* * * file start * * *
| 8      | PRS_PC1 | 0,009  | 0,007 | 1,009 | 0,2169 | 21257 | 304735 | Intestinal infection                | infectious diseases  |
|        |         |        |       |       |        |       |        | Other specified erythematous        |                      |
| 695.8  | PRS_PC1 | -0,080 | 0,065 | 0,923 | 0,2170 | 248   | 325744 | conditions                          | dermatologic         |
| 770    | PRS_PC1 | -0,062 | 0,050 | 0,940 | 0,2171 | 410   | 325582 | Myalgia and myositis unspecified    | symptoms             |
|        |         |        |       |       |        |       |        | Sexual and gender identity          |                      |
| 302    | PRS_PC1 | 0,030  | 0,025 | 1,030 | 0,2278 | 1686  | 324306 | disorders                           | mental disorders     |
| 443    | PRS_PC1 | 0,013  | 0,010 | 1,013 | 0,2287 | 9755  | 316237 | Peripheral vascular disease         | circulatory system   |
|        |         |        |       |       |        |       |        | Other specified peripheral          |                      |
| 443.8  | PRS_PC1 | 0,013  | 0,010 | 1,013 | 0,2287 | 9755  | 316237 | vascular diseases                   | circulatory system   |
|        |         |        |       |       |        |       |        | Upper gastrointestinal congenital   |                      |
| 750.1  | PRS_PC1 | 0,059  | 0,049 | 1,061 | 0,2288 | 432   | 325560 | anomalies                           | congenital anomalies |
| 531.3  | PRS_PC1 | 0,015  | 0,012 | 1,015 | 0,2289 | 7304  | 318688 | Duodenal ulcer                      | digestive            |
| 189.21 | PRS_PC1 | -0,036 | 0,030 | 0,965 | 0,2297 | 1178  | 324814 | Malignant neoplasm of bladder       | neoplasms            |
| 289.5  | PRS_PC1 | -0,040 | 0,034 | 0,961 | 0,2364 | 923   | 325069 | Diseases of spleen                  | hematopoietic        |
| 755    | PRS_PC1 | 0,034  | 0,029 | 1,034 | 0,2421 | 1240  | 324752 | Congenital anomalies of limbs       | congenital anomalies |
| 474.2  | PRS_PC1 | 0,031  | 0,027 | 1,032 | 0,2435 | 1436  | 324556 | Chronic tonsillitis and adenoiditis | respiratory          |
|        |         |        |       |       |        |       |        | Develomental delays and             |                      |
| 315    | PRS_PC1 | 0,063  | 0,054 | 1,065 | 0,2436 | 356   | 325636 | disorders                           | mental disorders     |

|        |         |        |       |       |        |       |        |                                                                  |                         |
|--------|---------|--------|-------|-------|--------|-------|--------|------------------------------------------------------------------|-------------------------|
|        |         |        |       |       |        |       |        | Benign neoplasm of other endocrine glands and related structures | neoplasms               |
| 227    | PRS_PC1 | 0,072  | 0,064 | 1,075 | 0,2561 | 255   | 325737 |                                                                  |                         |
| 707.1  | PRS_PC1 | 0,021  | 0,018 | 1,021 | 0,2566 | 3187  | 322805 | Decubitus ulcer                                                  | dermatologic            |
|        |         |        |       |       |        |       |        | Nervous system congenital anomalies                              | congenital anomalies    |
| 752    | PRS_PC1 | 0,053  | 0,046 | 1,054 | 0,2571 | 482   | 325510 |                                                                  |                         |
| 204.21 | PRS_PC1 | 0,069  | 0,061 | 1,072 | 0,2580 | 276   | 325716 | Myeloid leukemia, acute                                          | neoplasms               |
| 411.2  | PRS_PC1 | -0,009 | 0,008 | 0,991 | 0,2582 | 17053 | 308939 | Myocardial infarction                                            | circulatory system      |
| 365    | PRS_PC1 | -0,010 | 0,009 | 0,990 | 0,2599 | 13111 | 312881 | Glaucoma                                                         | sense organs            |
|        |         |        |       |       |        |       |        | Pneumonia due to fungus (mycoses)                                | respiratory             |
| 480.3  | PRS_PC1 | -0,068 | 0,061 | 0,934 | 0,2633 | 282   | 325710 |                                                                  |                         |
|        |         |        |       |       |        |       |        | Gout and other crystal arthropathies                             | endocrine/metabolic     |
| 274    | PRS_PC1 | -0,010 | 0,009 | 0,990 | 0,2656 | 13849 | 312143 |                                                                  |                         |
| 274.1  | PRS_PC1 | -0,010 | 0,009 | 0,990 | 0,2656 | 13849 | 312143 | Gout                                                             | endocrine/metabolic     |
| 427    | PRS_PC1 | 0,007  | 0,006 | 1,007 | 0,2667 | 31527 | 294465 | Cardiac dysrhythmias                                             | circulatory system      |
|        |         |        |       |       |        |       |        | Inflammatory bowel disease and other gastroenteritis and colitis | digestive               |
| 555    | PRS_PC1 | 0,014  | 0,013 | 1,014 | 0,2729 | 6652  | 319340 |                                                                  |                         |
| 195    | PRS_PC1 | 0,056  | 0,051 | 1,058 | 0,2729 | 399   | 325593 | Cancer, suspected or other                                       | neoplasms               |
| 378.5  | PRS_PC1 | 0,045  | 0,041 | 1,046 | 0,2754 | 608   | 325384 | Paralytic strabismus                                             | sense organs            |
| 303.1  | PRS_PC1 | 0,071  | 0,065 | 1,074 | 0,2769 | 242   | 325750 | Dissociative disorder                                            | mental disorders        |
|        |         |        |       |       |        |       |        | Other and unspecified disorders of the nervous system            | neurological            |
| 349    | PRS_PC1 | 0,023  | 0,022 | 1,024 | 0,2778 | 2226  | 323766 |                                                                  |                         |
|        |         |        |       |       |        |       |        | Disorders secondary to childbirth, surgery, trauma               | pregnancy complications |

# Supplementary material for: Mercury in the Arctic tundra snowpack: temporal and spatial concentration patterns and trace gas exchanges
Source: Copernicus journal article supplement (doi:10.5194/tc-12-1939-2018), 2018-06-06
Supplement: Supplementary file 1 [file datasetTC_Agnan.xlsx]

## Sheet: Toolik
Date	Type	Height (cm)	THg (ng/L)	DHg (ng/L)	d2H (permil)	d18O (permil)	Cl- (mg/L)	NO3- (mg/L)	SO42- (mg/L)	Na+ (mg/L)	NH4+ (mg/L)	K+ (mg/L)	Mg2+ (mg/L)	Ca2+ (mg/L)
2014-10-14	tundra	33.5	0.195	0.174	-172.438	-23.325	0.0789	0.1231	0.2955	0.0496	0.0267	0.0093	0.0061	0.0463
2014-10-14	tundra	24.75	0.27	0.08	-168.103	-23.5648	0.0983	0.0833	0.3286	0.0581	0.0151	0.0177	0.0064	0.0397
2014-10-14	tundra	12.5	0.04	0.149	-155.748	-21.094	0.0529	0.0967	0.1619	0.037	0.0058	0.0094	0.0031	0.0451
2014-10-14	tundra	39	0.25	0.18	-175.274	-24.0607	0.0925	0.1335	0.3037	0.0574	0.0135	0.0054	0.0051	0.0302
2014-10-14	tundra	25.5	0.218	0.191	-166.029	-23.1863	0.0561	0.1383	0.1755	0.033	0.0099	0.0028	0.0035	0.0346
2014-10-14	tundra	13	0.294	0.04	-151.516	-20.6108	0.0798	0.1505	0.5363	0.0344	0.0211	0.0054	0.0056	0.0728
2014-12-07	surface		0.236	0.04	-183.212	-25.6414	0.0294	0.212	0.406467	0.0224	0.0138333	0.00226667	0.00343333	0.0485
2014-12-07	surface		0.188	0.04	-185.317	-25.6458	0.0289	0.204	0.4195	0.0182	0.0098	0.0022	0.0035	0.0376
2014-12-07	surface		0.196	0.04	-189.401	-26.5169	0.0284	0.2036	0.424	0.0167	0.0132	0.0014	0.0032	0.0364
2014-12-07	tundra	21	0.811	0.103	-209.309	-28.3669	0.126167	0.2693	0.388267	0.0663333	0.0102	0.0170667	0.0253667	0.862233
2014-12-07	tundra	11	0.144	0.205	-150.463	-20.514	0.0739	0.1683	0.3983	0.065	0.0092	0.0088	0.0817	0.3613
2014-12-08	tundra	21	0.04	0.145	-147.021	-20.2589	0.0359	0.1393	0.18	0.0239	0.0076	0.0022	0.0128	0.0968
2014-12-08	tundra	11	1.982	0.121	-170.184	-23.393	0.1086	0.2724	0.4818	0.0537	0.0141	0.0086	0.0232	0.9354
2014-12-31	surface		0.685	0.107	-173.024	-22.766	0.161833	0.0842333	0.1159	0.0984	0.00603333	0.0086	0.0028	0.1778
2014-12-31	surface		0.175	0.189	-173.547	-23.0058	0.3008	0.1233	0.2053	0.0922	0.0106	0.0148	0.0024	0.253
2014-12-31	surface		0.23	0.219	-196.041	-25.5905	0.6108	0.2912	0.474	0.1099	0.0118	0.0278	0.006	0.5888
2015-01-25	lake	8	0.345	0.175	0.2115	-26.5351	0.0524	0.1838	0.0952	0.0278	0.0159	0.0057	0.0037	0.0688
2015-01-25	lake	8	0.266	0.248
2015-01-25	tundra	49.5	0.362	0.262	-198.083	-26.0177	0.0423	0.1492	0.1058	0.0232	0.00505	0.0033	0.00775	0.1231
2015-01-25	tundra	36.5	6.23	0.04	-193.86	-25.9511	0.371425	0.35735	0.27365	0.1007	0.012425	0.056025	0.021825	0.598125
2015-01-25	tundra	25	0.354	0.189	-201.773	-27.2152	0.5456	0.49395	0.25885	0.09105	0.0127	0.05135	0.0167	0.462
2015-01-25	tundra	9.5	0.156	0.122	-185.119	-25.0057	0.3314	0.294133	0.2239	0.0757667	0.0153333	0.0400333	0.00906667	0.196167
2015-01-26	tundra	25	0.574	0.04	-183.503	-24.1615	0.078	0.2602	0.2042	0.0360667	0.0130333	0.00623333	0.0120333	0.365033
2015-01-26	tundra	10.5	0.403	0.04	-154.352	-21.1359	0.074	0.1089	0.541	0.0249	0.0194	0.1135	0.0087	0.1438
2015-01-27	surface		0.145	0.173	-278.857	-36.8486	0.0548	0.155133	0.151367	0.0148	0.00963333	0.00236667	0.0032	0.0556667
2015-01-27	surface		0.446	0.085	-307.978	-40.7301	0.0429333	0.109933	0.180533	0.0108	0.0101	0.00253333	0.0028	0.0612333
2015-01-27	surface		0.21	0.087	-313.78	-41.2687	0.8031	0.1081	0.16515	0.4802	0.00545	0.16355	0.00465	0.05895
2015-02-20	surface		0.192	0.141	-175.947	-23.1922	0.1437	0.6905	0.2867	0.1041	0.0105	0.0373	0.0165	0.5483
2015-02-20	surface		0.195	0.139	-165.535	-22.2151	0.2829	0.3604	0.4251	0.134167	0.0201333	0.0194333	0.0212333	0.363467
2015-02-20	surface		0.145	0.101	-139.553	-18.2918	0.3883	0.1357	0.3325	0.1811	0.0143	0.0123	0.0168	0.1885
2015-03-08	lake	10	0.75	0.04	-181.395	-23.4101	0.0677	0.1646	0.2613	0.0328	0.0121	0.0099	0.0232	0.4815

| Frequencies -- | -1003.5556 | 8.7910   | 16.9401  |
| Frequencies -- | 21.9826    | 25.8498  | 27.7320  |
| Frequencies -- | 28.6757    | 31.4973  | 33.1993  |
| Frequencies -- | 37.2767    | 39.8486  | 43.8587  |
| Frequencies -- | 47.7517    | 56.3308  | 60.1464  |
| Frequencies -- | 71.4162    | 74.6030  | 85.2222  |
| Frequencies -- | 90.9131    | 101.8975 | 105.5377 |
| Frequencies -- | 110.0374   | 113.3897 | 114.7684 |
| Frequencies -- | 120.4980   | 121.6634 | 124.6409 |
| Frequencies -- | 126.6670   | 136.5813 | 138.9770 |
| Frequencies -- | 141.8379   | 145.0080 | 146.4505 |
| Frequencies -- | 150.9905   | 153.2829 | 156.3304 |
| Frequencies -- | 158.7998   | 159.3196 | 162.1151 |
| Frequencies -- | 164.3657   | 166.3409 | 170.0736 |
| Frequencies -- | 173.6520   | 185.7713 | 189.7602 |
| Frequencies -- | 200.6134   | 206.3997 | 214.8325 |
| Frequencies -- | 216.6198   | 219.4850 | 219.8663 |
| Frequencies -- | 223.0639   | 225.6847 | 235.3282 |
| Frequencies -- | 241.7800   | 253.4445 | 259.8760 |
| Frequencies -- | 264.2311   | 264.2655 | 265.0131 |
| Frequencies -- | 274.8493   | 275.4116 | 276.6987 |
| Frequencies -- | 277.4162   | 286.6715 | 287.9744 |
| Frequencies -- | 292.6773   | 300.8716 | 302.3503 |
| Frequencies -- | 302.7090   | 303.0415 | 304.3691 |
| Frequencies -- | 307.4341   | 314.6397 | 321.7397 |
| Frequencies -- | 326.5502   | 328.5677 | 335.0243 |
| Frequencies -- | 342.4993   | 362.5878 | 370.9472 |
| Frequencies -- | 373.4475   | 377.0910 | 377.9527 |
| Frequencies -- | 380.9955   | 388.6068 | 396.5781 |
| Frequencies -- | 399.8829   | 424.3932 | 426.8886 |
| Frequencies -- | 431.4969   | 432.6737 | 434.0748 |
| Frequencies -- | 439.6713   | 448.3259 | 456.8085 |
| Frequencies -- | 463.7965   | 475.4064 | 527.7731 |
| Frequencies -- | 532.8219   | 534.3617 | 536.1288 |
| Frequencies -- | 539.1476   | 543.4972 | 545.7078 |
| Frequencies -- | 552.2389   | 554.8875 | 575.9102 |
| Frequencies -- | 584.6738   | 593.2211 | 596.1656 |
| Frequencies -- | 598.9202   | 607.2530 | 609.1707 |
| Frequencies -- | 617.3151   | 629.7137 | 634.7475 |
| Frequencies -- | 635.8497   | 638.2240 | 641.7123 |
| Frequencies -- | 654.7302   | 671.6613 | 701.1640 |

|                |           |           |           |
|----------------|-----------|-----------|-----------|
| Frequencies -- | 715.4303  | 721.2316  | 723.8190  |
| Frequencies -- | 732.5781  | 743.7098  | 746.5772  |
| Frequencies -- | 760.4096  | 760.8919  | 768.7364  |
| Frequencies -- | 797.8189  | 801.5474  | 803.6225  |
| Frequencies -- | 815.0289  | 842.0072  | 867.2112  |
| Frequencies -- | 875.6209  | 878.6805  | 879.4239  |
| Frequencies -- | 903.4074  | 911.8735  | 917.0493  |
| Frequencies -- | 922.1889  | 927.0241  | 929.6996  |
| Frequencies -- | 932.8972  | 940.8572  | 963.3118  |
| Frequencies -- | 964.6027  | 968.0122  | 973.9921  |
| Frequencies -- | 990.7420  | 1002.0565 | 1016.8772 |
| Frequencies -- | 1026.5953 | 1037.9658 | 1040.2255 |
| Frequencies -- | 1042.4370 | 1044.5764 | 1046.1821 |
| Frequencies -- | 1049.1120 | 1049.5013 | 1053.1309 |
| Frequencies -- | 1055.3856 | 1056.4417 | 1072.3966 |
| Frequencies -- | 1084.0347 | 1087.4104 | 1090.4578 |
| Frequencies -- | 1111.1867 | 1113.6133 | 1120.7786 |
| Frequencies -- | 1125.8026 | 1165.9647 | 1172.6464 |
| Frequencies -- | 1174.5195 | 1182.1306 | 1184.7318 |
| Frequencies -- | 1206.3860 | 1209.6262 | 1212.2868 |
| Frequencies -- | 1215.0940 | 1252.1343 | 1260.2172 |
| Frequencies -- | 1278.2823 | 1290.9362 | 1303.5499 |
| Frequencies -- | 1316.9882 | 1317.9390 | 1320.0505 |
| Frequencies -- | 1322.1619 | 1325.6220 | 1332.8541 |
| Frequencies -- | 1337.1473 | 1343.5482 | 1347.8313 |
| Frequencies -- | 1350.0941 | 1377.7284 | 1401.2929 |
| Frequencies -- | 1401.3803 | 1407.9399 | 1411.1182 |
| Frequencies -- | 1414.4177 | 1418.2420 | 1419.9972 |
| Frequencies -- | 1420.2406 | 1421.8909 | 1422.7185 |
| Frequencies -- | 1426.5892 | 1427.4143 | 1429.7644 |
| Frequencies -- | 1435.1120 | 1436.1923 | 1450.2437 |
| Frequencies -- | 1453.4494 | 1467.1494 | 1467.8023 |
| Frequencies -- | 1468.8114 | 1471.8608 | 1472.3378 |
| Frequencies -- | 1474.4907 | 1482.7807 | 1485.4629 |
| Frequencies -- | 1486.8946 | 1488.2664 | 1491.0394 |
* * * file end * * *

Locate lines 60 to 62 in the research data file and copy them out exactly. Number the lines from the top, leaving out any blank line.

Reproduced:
2014-12-08	tundra	11	1.982	0.121	-170.184	-23.393	0.1086	0.2724	0.4818	0.0537	0.0141	0.0086	0.0232	0.9354
2014-12-31	surface		0.685	0.107	-173.024	-22.766	0.161833	0.0842333	0.1159	0.0984	0.00603333	0.0086	0.0028	0.1778
2014-12-31	surface		0.175	0.189	-173.547	-23.0058	0.3008	0.1233	0.2053	0.0922	0.0106	0.0148	0.0024	0.253